Conservation officers were called to Youbou on Sept. 22 to free this elk from a swing and hammock that were entangled in its antlers. (Submitted photo)

Conservation officers were called to Youbou on Sept. 22 to free this elk from a swing and hammock that were entangled in its antlers. (Submitted photo)

Conservation officers rescue entangled elk in Youbou

This is the third one in the region this month

Conservation officers were called to a yard in Youbou on Sept. 22 to deal with an elk that managed to get its antlers tangled up in a hammock and swing that were attached to a tree.

Officer Mark Kissinger said the conservation office received a call from a neighbour at the cabin next door to the yard where the elk was entangled.

He said officers went immediately to the scene and tranquilized the elk before removing the hammock and swing from the antlers.

RELATED STORY: ELK RESCUED FROM ZIP LINE IN YOUBOU

It took about 25 minutes from the time the animal was tranquilized, to having the material removed and getting back on its feet again after receiving a reversal drug.

“This was a cabin area so it was lucky that people were there at the time to call us about the situation,” Kissinger said.

“If no one was around, the elk likely would have only lasted a few days.”

Kissinger said conservation officers get more calls than usual about elk getting their antlers caught up in things at this time of year because it is their rutting season.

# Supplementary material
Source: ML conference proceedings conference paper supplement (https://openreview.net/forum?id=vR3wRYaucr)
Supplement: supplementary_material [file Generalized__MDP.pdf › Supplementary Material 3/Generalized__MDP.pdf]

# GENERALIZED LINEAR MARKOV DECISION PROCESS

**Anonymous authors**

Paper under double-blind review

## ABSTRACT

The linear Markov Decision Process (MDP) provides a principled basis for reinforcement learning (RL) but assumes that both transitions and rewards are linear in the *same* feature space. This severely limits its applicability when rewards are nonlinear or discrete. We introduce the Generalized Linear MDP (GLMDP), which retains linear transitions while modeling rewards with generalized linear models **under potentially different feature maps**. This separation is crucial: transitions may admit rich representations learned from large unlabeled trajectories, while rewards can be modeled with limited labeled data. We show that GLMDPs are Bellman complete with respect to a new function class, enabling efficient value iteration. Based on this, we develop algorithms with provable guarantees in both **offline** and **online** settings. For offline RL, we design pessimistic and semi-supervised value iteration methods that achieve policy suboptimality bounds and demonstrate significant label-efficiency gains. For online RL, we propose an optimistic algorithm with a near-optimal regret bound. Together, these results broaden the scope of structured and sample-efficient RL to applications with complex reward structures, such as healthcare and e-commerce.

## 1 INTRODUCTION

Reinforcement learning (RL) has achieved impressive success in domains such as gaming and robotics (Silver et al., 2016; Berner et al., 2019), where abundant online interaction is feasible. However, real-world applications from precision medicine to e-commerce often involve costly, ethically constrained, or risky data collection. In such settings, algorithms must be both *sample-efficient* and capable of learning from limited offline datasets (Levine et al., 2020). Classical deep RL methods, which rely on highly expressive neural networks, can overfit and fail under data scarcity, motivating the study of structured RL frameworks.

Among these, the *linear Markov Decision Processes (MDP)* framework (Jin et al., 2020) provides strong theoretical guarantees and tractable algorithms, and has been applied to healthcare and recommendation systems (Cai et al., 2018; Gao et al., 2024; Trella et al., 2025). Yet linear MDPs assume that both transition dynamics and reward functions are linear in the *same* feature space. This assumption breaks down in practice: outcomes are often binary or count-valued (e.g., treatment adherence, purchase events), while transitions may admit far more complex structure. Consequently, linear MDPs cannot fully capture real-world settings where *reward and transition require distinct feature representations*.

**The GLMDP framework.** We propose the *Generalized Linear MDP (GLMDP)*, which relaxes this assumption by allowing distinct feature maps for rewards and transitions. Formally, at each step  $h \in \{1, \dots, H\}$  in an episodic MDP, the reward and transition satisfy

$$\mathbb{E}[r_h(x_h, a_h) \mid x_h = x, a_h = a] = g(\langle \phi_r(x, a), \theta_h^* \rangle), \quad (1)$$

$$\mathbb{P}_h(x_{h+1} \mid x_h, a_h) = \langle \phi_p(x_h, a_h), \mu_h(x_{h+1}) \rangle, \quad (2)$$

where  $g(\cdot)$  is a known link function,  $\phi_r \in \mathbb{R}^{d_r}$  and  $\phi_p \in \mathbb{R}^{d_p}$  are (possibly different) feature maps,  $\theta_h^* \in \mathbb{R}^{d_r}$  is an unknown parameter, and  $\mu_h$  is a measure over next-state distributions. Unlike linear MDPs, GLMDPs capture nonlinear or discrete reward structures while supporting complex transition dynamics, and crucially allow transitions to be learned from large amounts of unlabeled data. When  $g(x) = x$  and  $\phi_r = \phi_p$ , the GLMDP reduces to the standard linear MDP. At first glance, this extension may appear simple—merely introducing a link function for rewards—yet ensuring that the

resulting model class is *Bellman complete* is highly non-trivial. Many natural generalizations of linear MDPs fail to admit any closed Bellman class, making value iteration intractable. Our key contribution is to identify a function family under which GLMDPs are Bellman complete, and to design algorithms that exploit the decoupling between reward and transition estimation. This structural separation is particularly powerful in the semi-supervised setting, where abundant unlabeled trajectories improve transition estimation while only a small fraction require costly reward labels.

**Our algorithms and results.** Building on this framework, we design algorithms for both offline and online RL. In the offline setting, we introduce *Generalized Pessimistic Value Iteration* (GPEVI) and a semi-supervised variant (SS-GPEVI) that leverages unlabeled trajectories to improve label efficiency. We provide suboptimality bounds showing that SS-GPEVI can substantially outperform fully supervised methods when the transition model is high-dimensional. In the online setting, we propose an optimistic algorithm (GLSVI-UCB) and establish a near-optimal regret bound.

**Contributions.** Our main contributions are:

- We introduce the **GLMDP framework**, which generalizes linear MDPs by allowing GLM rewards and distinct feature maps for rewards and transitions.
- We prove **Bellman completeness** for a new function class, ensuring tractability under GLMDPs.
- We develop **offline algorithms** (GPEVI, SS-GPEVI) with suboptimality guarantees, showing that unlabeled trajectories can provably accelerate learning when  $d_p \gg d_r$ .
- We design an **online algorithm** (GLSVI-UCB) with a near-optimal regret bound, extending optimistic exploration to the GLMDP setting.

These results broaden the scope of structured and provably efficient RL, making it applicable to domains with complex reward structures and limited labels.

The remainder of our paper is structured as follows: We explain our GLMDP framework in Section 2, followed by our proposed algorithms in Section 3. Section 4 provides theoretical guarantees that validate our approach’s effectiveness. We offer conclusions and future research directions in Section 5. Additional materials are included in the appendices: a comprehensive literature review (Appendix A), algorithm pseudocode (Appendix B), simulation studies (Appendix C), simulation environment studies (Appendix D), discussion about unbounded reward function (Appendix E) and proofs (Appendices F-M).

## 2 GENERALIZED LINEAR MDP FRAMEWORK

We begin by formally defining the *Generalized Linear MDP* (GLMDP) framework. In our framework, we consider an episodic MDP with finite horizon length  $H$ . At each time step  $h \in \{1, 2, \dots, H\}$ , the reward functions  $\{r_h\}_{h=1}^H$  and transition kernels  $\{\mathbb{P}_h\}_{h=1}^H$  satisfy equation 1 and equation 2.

RELATED STORY: POPULAR COWICHAN LAKE AREA ELK FREED FROM FENCE ENTANGLEMENT

“They will try to fight anything, and will spar with anything that is hanging during rutting season,” he said.

“Our advice is for people not to have anything hanging in their yards, like swings, netting and hammocks, at this time of year, especially at cabins when no one is around.”

Kissinger said this is the third time this month that conservation officers in the Cowichan area were called to help elk that had their antlers entangled.

“We usually get calls about elk with entangled antlers about five or six times each rutting season,” he said.

“So far this year, we had two entangled in hammocks and one with barbed wire. All were successfully freed, tagged and are now running around.”



robert.barron@cowichanvalleycitizen.com

Like us on Facebook and follow us on Twitter

Conservation